British Columbia





British Columbia has a dual reputation: on one hand, it’s a rugged, untamed, mountainous and rural destination and, on the other, a chic, convenient and affordable urban getaway for the West Coast’s jetset.

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Warren Hastings, an English immigrant to Canada, built Hastings House in 1940 to match the antique furniture he had brought from his 11th-century Sussex-style house. The result: A cottage on 22 acres of land that looks like the setting for a fairy tale, and that is so isolated it is accessible solely by float plane or boat. With only 18 rooms and suites spread over several buildings on the property, guests are guaranteed the perfect peace and quiet they need to recharge their batteries.

A member of Small Luxury Hotels of the World, Hastings House names its rooms rather than number them, making each space unique and individual. The Church Hill Cottage, the Hillside Suites and the Somerset spaces are ideal for families and groups; Manor West, Manor East, Farm House East, Farm House West, Essex, Sussex and Somerset offer the best views.

The restaurant at Hastings House specializes in local cuisine, with an ever-changing menu to reflect whatever is freshest and at its peak. There is a four-course chef’s menu, and insiders recommend the Specialty Dungeness Crab, Island Venison and the Island Mussels.

The spa at Hastings House offers only two treatment rooms, but services, such as the signature décor facial, are also available in-room.

Luxury travel advisors should contact Shirley McLaughlin ([email protected]; 800-661-9255).



The Finley manicured gardens at Hastings House (here) are full of flowers, herbs and fruit trees.


King Pacific Lodge, a Rosewood property on Princess Royal Island, is also small, intimate and exclusive. Open only from May to September, guests arrive via private charter plane from Vancouver (the flight is included in the room rate).

With only 17 rooms and suites, King Pacific Lodge serves as a tranquil getaway from urban stress and makes good use of the surrounding woods.
Guests can go hiking, fishing or kayaking.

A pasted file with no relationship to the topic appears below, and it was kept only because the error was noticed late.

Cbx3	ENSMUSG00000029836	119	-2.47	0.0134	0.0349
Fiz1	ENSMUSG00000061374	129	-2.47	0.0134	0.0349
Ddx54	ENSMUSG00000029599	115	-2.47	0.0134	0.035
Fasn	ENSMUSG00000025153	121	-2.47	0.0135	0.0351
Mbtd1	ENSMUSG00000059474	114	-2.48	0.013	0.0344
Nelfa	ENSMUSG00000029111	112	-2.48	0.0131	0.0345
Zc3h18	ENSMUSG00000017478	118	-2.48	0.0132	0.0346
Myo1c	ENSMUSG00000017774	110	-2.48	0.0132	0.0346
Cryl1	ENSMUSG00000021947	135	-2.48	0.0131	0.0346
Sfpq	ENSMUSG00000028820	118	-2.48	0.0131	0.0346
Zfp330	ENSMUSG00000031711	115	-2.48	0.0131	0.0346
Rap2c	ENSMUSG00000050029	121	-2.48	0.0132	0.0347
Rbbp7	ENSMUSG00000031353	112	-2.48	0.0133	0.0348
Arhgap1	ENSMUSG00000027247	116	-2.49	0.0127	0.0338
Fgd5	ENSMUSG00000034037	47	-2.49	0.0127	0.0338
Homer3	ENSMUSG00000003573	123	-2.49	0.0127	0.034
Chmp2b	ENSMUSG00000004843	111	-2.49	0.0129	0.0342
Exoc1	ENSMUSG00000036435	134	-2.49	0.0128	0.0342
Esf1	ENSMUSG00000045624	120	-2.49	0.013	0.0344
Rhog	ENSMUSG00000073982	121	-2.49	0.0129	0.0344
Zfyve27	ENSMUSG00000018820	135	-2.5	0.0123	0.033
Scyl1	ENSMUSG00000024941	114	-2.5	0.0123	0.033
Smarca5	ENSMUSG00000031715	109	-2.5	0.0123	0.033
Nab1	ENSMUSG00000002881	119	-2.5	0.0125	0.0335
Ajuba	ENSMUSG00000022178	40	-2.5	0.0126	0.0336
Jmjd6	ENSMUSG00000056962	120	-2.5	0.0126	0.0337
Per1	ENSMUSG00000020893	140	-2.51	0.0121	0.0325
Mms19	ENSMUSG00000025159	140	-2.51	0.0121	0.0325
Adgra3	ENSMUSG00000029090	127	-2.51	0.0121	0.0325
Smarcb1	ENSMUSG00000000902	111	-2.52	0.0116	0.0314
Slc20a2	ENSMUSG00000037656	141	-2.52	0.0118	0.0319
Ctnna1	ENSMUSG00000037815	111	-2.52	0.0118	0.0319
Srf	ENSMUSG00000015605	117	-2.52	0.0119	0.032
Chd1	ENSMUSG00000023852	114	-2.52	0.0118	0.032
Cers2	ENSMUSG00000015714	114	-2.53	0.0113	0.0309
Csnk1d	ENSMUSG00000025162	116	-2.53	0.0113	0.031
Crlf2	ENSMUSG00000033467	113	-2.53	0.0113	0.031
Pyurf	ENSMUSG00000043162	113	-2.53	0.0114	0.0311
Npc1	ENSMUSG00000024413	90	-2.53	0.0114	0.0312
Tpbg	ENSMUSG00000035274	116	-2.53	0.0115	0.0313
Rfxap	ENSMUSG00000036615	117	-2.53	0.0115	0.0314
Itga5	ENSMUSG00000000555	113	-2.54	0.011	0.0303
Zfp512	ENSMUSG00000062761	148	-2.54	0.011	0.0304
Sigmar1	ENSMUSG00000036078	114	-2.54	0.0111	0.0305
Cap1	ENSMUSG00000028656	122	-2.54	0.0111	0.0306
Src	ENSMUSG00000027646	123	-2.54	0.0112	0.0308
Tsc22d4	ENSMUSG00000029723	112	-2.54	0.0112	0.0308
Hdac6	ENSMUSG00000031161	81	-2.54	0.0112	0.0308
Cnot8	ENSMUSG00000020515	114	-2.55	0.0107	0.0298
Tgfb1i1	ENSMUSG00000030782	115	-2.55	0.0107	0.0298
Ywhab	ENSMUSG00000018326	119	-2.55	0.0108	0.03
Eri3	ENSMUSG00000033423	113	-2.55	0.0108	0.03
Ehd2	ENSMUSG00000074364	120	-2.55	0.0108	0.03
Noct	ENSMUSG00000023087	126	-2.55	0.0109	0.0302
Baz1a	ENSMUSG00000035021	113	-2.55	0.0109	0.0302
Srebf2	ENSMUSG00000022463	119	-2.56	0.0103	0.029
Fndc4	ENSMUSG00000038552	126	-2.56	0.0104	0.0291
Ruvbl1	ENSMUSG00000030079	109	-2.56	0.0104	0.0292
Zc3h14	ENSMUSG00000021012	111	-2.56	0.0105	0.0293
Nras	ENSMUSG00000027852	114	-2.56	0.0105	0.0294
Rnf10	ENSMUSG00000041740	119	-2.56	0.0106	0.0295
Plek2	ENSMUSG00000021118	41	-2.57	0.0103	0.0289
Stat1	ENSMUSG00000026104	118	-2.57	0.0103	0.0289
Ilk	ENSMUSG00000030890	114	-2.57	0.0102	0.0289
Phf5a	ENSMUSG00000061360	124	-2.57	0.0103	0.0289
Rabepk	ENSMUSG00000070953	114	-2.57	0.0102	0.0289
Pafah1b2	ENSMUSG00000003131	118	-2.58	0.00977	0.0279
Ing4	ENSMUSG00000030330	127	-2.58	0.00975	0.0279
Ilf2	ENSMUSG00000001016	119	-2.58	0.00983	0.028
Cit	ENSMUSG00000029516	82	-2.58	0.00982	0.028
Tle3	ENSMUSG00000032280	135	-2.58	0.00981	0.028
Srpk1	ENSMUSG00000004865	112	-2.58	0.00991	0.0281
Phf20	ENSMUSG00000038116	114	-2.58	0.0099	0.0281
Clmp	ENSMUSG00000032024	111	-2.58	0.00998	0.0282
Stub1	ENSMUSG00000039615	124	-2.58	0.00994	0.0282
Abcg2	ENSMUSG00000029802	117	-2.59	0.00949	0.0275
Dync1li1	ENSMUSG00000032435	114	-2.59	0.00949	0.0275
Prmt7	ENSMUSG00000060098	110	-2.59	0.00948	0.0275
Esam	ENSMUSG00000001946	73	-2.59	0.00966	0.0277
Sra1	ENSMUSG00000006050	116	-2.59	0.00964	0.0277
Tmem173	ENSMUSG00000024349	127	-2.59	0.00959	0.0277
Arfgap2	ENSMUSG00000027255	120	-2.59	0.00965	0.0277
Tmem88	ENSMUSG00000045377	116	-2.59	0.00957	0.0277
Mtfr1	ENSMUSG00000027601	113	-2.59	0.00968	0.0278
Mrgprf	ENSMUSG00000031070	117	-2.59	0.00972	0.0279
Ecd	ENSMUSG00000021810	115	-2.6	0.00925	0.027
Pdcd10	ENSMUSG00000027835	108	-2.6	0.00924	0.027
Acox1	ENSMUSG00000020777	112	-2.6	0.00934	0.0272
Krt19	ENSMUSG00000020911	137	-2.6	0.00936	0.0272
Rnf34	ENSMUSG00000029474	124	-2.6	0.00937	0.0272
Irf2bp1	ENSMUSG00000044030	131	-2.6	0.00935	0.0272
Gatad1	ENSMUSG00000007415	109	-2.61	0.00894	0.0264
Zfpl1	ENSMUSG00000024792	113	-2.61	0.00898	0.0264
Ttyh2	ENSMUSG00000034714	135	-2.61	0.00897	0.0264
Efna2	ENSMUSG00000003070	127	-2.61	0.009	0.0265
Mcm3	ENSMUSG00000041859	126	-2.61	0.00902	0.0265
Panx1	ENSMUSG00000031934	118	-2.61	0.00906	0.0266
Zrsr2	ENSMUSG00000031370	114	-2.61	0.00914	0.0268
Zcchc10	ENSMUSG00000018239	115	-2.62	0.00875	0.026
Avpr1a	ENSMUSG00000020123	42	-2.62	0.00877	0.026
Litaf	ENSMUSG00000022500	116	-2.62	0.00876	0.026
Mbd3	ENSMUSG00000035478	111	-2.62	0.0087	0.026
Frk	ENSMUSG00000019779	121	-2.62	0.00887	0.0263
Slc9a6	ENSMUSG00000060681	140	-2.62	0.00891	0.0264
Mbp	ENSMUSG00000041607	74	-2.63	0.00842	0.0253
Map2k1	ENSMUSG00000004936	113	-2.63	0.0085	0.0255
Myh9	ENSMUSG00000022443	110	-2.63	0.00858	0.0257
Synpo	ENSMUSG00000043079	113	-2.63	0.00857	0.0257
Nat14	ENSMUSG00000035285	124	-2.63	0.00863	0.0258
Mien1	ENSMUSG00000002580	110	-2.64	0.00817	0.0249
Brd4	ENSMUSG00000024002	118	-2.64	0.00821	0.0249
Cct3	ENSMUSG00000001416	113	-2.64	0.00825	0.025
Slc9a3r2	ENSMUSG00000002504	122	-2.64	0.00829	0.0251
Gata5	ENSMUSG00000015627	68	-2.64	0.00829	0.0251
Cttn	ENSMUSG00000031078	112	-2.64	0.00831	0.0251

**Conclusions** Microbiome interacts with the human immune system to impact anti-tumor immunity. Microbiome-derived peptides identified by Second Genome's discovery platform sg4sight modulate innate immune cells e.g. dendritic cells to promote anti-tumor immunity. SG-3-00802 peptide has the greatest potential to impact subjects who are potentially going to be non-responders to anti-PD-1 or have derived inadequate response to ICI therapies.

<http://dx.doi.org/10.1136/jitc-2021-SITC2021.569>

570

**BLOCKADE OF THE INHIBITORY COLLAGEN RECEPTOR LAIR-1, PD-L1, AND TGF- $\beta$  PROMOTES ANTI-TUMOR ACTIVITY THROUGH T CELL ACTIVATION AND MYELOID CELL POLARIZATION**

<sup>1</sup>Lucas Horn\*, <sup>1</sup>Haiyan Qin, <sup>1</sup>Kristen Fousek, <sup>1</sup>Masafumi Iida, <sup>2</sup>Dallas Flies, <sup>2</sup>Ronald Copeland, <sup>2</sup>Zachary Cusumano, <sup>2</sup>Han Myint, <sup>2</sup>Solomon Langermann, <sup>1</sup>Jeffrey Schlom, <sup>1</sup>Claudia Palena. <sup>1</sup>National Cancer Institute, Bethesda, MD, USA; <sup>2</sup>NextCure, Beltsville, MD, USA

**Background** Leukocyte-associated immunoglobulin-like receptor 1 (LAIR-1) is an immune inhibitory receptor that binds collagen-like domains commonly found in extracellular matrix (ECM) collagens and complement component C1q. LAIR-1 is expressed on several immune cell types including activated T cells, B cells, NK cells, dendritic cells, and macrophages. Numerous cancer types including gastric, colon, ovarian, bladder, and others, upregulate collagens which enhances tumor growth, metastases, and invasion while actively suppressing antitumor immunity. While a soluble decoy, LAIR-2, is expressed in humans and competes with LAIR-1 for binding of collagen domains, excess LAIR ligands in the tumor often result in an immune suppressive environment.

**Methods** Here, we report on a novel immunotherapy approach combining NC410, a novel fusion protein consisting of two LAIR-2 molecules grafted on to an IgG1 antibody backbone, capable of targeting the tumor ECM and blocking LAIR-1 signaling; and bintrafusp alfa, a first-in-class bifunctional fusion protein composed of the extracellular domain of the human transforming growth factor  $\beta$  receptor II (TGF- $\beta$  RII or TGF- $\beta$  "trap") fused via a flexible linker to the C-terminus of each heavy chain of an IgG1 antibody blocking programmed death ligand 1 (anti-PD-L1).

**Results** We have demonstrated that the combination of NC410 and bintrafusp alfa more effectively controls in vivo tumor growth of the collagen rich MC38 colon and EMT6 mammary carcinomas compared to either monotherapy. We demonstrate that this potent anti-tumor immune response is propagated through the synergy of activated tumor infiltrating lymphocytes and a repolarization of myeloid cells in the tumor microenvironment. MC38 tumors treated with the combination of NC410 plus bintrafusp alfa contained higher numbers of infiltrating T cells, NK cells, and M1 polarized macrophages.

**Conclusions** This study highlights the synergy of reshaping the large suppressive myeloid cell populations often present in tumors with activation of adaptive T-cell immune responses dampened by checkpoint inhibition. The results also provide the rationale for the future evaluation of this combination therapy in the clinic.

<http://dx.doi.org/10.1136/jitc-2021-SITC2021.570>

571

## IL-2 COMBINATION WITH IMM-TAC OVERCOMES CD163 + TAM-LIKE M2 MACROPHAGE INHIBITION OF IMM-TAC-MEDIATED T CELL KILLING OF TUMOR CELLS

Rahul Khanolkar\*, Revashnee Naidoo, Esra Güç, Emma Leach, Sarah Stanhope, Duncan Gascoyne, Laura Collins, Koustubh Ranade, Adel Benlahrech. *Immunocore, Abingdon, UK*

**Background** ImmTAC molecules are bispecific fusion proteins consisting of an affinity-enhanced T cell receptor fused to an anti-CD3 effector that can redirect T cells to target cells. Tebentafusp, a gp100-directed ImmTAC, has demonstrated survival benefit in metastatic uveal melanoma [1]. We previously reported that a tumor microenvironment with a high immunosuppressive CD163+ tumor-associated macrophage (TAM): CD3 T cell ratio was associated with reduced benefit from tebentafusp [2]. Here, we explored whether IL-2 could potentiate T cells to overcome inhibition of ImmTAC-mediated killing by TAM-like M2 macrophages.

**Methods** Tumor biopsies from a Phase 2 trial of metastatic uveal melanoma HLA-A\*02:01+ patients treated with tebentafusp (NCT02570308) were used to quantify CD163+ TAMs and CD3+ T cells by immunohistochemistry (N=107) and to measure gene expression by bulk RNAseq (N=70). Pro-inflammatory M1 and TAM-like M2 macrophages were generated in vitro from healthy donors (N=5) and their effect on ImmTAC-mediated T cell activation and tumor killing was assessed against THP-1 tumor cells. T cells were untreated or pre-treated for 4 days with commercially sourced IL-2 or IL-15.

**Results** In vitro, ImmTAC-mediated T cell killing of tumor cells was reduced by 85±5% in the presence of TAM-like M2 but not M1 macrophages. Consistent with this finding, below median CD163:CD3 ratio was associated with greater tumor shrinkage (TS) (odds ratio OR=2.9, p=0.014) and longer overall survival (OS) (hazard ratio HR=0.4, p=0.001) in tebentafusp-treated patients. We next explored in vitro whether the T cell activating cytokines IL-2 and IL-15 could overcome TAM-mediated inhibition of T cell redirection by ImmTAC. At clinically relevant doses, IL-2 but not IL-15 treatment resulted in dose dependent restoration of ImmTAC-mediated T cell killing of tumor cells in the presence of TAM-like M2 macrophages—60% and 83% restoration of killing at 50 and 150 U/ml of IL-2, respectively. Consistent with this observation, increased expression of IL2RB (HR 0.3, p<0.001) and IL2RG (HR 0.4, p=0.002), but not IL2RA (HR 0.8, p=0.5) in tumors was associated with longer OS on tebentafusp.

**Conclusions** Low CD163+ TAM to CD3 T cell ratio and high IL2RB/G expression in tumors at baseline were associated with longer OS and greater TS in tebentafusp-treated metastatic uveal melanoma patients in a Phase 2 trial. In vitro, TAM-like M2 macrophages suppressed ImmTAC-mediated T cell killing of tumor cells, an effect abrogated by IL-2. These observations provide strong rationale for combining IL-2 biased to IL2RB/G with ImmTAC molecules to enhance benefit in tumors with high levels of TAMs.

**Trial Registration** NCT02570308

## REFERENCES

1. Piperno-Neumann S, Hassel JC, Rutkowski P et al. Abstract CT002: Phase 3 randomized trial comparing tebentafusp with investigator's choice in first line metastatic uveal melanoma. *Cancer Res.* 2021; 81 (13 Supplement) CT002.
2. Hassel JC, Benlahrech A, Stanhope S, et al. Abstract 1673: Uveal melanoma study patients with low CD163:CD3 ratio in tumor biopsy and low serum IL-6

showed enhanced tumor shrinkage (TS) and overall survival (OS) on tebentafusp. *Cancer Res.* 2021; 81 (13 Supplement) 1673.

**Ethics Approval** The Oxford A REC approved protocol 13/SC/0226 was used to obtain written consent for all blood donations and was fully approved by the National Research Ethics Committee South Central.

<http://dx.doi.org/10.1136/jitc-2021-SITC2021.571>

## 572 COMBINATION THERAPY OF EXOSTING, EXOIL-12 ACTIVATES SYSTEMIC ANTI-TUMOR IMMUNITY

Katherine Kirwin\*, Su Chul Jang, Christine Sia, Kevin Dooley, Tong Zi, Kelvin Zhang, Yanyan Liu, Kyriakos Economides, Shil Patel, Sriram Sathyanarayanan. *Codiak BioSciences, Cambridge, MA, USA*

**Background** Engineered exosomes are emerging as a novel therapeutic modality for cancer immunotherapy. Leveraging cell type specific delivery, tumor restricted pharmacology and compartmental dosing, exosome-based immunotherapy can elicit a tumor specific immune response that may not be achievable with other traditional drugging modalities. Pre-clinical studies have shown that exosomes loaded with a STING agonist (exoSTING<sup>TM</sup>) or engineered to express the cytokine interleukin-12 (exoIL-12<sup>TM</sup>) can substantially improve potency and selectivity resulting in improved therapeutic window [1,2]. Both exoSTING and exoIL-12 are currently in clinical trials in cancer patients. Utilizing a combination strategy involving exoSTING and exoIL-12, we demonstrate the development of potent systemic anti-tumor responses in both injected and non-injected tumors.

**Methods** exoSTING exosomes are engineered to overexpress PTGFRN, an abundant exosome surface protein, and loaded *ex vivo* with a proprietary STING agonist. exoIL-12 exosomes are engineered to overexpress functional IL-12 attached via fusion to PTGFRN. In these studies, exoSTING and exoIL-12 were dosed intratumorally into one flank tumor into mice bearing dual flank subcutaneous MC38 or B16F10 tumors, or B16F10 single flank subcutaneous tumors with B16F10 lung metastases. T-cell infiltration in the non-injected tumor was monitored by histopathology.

King Pacific Lodge's Princess Royal Suite spreads over two floors and each guest staying in the accommodation enjoys a complimentary Princess Royal Hot Stone Massage.


The restaurant at King Pacific Lodge also focuses on the local environment, changing the menu regularly to offer whatever is freshest. (Hint: We hear that the salmon, no matter how it’s prepared, is a must.) Guests are encouraged to share tables to encourage camaraderie and conversation, but the maitre d’ can arrange seating to visitors’
preference, whether indoor or out on the deck.

The Lodge’s intimate spa is built of fir with driftwood accents, and painted in rich mossy green hues. The complex offers a sauna, steam bath, plunge pool and Jacuzzi. For preferred times (early morning or before dinner), treatments should be booked at least a month in advance. The most requested luxury spa treatment at the resort is the deep-tissue massage, which runs 55 minutes. Spa directors and staff vary by season, so find out whom to request at the time of reservation.

Luxury travel advisors should contact Debbie Fleming ([email protected]; 888-592-5464).

Of course, not everyone visiting British Columbia wants to get lost in the wilderness. In the heart of Vancouver’s vibrant downtown scene is the Shangri-La Hotel, Vancouver, which opened in September 2008 and takes up 15 floors of a 61-story building.